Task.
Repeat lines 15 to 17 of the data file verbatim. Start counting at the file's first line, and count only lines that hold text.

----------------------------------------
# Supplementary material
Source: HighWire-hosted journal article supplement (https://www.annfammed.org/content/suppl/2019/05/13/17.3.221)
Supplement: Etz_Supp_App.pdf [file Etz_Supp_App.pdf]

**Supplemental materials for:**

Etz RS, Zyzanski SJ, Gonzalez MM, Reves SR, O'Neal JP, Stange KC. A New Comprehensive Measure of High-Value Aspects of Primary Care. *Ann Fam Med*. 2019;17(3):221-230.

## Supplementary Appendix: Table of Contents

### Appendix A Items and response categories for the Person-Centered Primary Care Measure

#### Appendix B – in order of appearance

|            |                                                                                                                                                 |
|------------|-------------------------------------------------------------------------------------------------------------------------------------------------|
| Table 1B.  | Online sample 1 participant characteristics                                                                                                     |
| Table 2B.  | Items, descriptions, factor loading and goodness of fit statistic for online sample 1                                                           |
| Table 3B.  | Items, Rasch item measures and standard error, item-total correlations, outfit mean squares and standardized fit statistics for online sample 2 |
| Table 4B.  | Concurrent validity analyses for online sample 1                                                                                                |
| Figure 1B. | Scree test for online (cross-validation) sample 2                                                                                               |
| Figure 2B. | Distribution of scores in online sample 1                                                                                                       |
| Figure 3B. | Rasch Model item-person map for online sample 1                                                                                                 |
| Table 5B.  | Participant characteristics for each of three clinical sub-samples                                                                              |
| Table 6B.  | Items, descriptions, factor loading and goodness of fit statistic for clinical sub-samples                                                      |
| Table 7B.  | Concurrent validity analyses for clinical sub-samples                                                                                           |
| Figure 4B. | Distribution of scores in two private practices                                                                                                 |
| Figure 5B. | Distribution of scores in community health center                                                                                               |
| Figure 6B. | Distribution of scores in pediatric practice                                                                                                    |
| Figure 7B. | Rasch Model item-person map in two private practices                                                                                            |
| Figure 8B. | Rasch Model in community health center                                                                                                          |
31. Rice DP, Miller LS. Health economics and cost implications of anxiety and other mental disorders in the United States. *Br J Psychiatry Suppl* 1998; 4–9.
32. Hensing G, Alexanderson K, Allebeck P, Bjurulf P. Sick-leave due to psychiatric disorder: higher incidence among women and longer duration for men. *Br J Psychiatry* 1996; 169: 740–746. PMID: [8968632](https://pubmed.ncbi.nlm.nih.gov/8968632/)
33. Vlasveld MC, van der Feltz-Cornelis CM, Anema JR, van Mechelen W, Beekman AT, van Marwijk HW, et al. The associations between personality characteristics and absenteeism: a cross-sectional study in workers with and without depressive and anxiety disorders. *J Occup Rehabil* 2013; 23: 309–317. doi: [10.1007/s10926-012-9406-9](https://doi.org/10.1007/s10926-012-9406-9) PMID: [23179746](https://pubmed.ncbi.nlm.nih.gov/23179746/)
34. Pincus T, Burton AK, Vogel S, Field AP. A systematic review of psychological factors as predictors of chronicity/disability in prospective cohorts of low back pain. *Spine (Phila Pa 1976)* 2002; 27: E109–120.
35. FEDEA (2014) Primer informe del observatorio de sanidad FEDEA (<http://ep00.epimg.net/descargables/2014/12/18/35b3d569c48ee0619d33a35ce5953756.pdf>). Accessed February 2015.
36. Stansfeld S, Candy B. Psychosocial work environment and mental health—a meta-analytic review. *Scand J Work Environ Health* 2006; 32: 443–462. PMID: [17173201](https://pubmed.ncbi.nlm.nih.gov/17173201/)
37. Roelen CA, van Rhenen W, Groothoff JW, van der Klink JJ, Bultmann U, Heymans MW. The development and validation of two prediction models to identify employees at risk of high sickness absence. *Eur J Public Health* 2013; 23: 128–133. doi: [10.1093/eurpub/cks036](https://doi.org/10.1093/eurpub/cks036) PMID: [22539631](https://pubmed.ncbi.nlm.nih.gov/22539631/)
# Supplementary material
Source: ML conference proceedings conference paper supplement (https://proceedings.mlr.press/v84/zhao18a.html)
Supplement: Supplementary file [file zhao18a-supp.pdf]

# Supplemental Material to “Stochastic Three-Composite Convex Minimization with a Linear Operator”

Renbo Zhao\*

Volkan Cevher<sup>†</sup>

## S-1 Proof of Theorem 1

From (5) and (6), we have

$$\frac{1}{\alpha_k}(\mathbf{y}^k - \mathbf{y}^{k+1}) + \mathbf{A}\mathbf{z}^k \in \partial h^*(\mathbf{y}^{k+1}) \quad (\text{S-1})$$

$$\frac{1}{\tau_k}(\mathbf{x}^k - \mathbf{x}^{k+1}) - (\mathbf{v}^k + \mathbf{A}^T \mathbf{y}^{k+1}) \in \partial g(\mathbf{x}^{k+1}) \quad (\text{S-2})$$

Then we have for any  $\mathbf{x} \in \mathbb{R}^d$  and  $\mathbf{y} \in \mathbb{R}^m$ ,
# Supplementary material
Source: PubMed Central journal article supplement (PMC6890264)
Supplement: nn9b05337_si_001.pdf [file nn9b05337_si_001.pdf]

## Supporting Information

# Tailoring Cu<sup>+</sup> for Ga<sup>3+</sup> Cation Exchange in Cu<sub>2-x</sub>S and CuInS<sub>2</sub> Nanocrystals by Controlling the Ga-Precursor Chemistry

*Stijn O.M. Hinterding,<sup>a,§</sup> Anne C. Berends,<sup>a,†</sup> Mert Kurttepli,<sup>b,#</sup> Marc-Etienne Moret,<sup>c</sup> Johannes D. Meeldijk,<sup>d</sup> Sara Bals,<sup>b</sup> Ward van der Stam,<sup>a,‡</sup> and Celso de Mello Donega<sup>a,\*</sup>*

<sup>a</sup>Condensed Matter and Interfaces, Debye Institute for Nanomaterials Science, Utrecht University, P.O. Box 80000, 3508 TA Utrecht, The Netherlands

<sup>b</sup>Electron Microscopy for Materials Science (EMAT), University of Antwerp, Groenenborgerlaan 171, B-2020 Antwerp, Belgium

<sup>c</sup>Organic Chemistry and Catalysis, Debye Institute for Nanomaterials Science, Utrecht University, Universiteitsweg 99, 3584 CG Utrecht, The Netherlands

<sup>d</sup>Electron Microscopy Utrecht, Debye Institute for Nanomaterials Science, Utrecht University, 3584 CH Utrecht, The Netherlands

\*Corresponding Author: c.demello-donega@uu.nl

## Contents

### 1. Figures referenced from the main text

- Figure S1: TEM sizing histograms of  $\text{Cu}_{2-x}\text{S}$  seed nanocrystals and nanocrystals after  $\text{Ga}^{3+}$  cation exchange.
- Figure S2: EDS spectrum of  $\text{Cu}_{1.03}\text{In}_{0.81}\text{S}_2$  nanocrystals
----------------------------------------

| Figure 1B. | Scree test for online (cross-validation) sample 2                                                                                               |
| Figure 2B. | Distribution of scores in online sample 1                                                                                                       |
| Figure 3B. | Rasch Model item-person map for online sample 1                                                                                                 |